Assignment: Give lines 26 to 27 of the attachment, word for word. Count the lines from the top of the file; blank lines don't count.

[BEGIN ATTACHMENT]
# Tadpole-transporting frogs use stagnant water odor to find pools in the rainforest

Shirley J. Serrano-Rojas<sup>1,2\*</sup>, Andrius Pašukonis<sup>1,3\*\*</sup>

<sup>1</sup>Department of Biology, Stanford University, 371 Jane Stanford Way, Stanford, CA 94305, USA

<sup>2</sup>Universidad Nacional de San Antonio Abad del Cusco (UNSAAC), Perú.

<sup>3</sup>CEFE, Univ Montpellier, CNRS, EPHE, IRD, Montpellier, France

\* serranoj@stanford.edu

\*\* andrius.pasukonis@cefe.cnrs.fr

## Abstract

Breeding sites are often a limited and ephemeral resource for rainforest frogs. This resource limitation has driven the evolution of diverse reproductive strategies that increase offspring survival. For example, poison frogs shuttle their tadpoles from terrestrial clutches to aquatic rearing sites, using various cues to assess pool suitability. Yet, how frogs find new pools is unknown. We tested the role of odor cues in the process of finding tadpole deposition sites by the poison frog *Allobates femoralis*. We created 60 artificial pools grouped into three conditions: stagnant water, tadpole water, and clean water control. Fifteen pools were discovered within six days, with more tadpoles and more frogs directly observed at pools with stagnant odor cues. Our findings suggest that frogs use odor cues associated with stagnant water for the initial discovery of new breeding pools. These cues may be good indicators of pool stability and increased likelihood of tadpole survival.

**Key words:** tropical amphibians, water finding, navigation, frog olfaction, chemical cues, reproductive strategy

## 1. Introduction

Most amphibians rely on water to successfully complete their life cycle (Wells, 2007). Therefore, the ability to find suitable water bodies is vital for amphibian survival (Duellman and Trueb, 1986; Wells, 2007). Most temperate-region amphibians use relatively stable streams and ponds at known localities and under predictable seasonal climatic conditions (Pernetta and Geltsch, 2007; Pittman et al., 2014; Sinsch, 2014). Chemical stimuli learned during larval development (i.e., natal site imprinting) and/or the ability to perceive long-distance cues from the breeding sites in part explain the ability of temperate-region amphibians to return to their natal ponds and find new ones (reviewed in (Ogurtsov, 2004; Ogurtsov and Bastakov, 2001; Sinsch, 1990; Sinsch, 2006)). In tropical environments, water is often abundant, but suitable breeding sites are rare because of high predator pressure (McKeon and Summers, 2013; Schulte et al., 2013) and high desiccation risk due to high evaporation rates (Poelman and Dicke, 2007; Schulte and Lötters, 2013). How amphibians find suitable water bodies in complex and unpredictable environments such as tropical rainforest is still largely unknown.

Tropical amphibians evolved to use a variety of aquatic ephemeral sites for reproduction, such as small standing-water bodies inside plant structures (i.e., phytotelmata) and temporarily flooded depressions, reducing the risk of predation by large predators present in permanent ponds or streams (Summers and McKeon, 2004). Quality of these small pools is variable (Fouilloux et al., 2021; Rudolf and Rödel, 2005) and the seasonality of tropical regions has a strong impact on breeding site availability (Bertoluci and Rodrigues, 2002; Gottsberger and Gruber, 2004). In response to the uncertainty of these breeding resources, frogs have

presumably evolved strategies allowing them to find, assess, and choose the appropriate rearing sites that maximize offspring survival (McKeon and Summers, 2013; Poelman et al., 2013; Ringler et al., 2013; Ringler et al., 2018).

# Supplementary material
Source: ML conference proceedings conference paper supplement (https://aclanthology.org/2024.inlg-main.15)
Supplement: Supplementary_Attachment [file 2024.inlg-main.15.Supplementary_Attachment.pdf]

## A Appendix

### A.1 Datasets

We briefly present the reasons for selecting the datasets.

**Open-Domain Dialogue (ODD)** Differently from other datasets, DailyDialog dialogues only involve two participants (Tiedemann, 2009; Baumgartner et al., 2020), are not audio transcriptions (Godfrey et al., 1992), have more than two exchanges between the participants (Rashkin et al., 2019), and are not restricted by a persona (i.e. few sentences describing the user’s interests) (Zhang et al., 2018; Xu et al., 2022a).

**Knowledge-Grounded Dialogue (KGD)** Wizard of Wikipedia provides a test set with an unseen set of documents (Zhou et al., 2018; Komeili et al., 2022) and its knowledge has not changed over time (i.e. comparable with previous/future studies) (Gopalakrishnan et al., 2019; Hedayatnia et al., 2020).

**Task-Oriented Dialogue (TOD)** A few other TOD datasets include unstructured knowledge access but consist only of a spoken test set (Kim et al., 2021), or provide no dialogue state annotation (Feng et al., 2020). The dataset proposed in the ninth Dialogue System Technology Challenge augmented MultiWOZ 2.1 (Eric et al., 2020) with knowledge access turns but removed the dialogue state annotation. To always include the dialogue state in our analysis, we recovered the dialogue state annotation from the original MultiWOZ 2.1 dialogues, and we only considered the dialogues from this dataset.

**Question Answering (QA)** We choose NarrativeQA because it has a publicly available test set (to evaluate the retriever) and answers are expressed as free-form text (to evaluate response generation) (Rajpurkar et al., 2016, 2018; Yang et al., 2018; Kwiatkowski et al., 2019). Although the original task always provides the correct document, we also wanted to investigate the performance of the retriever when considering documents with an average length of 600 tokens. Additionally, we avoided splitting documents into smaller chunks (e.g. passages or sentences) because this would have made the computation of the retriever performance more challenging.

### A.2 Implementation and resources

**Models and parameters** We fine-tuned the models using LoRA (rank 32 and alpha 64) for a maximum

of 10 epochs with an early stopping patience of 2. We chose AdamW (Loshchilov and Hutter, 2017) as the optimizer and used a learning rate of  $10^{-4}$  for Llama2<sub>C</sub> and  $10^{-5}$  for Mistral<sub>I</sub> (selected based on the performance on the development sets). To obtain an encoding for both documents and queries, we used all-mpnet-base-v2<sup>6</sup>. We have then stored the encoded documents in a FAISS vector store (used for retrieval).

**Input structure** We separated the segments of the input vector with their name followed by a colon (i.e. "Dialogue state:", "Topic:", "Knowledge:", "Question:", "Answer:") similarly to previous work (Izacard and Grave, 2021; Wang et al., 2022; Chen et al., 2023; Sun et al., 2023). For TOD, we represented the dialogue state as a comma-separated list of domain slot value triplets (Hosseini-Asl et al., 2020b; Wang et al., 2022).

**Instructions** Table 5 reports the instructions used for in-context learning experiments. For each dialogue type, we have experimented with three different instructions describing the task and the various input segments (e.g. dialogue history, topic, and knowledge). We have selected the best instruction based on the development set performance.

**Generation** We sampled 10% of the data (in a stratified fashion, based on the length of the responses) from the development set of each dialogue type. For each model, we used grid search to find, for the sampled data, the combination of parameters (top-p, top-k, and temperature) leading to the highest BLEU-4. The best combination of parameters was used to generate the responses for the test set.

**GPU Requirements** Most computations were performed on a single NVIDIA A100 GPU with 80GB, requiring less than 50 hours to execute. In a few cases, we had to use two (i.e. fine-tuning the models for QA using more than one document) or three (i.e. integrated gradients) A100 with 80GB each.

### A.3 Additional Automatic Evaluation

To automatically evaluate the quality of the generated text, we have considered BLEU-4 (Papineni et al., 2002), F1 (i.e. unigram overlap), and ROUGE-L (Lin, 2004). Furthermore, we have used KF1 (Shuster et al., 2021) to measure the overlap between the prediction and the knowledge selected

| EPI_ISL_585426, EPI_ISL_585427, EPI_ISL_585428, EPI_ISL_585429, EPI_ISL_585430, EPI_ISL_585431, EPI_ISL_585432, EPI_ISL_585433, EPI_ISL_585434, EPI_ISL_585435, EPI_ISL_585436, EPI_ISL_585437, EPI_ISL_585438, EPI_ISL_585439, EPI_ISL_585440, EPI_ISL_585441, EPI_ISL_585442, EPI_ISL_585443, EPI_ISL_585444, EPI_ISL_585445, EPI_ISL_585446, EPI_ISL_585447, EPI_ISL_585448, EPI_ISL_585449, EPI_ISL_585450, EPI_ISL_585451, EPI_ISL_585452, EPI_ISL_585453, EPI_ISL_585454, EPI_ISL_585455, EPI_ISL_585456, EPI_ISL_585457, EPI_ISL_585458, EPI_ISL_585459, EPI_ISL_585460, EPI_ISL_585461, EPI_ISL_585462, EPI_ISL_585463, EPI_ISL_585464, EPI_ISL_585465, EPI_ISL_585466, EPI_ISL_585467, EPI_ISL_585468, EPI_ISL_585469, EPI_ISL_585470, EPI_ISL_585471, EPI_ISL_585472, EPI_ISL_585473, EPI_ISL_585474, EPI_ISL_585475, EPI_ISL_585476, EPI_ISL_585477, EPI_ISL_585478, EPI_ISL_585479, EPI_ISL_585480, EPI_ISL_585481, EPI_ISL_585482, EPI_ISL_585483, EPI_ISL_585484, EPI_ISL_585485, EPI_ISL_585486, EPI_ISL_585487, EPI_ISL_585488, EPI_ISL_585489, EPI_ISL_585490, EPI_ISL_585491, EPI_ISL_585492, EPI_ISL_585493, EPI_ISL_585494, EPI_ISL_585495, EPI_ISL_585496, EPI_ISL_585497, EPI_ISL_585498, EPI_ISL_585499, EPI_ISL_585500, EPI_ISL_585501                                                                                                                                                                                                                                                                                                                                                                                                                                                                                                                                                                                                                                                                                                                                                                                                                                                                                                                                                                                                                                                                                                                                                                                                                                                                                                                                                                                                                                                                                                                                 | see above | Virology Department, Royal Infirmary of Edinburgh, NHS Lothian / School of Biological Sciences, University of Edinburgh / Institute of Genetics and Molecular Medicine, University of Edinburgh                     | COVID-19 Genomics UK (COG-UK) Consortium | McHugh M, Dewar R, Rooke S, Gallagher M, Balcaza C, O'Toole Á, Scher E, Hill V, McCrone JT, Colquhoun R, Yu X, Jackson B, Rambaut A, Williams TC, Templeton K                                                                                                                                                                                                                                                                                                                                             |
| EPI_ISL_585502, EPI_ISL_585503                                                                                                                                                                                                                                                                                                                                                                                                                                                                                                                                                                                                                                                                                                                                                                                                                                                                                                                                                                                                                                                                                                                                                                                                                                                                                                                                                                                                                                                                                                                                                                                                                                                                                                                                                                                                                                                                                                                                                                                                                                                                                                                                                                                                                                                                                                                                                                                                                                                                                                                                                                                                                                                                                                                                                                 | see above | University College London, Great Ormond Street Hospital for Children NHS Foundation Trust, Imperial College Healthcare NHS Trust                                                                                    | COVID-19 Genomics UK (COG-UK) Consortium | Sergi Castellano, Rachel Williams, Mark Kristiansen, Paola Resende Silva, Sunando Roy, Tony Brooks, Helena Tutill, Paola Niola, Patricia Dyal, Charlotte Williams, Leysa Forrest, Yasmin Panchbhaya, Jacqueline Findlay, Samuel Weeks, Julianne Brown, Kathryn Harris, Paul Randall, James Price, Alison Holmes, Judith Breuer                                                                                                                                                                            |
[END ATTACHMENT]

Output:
**Models and parameters** We fine-tuned the models using LoRA (rank 32 and alpha 64) for a maximum

of 10 epochs with an early stopping patience of 2. We chose AdamW (Loshchilov and Hutter, 2017) as the optimizer and used a learning rate of  $10^{-4}$  for Llama2<sub>C</sub> and  $10^{-5}$  for Mistral<sub>I</sub> (selected based on the performance on the development sets). To obtain an encoding for both documents and queries, we used all-mpnet-base-v2<sup>6</sup>. We have then stored the encoded documents in a FAISS vector store (used for retrieval).